Over the past several years the church seems to have experienced some degree of gospel renewal. We now have conferences like The Gospel Coalition and Together for the Gospel, a fresh emphasis on preaching the gospel from all of Scripture, and lots and lots of books with the word “gospel” somewhere in the title. I think this is a good thing and consider myself largely in step with this movement.
But there is a danger of turning “gospel” into a buzzword. A few years ago, member in our church expressed confusion about how often our church’s teaching used the word “gospel.” In her thinking, the gospel was the plan of salvation and she found it confusing when we talked about the gospel being the solution to this or that problem. But she also said that when we started talking about the person and work of Christ, things clicked. That’s when she was fed spiritually and drawn into worship.
That important conversation reminded me that the good news isn’t just an abstract concept, a system of doctrine. It’s a person, Christ himself, whose doing, dying, and rising is the ultimate answer to the problems of sin and suffering in our world. What we really need, then, is to be Christ-centered: to keep all of our thinking, theologizing, preaching, writing, living, and doing tightly tethered to the person and work of the Lord Jesus Christ.
The Apostle Paul is a wonderful model for us. Think about his ministry in preaching and teaching.
“For Jews demand signs and Greeks seek wisdom, but we preach Christ crucified, a stumbling block to Jews and folly to Gentiles, but to those who are called, both Jews and Greeks, Christ the power of God and the wisdom of God.” (1 Corinthians 1:23-24)
“For I decided to know nothing among you except Jesus Christ and him crucified.” (1 Corinthians 2:2)
“For what we proclaim is not ourselves, but Jesus Christ as Lord, with ourselves as your servants for Jesus’ sake.” (2 Corinthians 4:5)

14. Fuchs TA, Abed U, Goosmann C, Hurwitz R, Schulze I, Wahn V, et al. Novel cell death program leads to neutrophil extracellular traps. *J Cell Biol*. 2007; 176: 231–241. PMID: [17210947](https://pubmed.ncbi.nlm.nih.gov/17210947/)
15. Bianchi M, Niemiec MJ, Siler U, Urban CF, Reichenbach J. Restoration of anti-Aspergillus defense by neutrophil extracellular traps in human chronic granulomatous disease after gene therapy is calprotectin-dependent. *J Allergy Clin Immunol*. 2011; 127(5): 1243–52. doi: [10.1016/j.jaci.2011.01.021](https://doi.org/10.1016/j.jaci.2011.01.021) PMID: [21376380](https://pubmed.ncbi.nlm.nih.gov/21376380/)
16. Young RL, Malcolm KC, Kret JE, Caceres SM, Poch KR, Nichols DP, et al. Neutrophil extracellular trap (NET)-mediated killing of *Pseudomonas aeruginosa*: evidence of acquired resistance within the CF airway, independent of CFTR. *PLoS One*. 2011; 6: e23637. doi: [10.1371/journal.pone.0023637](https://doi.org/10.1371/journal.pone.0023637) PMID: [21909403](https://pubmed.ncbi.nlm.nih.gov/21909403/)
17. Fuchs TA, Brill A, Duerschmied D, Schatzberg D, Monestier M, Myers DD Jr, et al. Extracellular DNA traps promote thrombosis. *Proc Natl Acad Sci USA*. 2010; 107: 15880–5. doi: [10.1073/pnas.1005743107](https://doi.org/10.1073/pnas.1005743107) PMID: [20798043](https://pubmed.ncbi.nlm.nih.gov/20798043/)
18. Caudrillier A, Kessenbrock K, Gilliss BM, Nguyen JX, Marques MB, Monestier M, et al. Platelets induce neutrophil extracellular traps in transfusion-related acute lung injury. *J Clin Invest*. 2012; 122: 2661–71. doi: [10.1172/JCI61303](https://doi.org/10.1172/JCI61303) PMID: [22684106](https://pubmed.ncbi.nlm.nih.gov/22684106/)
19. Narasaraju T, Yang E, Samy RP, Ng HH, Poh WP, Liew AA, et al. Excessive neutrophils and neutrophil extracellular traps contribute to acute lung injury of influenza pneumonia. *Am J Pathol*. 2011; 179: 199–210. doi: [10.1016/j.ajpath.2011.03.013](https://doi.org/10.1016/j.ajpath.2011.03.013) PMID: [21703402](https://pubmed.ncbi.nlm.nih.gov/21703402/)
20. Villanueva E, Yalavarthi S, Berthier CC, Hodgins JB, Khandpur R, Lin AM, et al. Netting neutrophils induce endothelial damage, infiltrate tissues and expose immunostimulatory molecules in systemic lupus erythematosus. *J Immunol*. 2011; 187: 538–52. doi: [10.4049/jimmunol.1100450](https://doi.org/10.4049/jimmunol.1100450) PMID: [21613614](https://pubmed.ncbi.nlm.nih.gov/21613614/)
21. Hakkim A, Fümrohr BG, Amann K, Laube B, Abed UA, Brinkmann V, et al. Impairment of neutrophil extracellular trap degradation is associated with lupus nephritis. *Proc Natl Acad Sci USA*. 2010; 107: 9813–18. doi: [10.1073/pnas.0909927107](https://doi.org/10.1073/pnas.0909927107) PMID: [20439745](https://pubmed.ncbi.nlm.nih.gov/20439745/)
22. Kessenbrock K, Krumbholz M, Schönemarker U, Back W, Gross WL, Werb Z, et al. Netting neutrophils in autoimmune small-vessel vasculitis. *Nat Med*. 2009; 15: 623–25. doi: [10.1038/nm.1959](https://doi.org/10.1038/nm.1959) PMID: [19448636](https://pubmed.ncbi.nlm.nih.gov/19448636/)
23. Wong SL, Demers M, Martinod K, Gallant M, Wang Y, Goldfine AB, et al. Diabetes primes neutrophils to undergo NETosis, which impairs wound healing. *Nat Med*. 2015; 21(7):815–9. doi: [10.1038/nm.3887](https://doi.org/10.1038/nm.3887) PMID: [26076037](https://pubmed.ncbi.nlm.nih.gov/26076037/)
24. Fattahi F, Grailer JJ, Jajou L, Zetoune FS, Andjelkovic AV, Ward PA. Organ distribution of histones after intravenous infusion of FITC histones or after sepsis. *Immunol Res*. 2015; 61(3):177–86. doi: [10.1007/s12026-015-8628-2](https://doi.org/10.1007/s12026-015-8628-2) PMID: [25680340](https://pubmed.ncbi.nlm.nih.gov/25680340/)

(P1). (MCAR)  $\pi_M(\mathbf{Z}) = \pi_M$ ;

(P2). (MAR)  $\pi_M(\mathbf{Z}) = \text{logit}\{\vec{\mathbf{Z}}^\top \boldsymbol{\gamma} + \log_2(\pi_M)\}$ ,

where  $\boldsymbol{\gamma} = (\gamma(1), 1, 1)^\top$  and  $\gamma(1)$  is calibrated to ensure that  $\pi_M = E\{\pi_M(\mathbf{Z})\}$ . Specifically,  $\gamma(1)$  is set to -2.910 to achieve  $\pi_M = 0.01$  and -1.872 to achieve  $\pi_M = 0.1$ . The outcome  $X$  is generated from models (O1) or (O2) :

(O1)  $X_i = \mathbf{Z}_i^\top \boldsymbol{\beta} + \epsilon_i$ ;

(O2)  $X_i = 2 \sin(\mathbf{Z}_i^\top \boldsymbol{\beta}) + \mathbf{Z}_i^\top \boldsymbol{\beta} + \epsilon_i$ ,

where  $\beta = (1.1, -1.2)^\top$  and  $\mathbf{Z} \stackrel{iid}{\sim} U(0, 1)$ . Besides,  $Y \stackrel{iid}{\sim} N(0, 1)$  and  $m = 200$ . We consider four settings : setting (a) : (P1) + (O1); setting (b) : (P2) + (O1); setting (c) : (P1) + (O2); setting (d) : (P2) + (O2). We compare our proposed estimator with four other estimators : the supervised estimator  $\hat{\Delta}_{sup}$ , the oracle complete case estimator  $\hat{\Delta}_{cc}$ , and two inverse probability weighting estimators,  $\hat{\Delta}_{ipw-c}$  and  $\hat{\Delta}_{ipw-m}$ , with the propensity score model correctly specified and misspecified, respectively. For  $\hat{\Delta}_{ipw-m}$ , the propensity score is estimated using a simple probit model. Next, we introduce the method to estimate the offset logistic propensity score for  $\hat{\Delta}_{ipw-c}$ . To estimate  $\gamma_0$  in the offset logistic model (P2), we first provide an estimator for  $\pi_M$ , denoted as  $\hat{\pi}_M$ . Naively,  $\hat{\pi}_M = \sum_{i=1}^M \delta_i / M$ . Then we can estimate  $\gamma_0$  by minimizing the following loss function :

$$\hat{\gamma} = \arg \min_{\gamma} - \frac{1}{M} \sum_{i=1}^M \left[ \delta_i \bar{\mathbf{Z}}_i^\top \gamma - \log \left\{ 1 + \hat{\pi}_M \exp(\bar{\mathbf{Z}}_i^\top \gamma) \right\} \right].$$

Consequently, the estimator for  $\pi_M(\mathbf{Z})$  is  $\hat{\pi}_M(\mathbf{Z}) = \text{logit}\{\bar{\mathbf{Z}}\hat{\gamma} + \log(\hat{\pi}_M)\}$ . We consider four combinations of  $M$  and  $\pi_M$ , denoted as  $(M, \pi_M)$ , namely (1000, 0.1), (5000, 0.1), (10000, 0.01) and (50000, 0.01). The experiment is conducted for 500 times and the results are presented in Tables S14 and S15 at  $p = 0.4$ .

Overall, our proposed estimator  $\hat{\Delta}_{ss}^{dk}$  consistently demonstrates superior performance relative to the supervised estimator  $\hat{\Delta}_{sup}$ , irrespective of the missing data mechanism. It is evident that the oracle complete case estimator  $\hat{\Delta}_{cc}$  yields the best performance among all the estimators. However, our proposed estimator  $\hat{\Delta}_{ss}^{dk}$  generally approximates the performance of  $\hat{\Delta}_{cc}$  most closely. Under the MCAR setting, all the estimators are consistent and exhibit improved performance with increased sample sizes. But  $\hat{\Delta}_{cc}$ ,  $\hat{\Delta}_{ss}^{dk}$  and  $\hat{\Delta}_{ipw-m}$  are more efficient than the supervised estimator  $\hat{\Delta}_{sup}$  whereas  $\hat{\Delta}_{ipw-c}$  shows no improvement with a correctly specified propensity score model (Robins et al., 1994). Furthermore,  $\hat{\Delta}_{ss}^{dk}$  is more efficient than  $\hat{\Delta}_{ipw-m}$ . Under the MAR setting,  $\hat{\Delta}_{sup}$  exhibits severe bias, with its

A Passion to Know and Honor Christ
But the person and work of Christ wasn’t for Paul simply a topic for teaching and proclamation. Paul was consumed with a desire to know and honor Christ. This was the controlling passion of his life. Even when imprisoned for preaching the gospel and uncertain of whether he would live or die, Paul could write:
It is my eager expectation and hope that I will not be at all ashamed, but that with full courage now as always Christ will be honored in my body, whether by life or by death. For to me to live is Christ, and to die is gain. (Philippians 1:20-21)
But whatever gain I had, I counted as loss for the sake of Christ. Indeed, I count everything as loss because of the surpassing worth of knowing Christ Jesus my Lord. For his sake I have suffered the loss of all things and count them as rubbish, in order that I may gain Christ, and be found in him, not having a righteousness of my own that comes from the law, but that which comes through faith in Christ, the righteousness from God that depends on faith— that I may know him and the power of his resurrection, and may share his sufferings, becoming like him in his death, that by any means possible I may attain the resurrection from the dead. (Philippians 3:7-11)
And Paul’s love for Christ clearly impacted how he lived and taught others to live. That’s why he said, “Be imitators of me, as I am of Christ” (1 Corinthians 11:1). And the call to imitate Christ got fleshed out in all kinds of practical ways, in concrete real-life contexts and situations.
Husbands, love your wives, as Christ loved the church and gave himself up for her, that he might sanctify her, having cleansed her by the washing of water with the word, so that he might present the church to himself in splendor, without spot or wrinkle or any such thing, that she might be holy and without blemish. (Ephesians 5:25-27)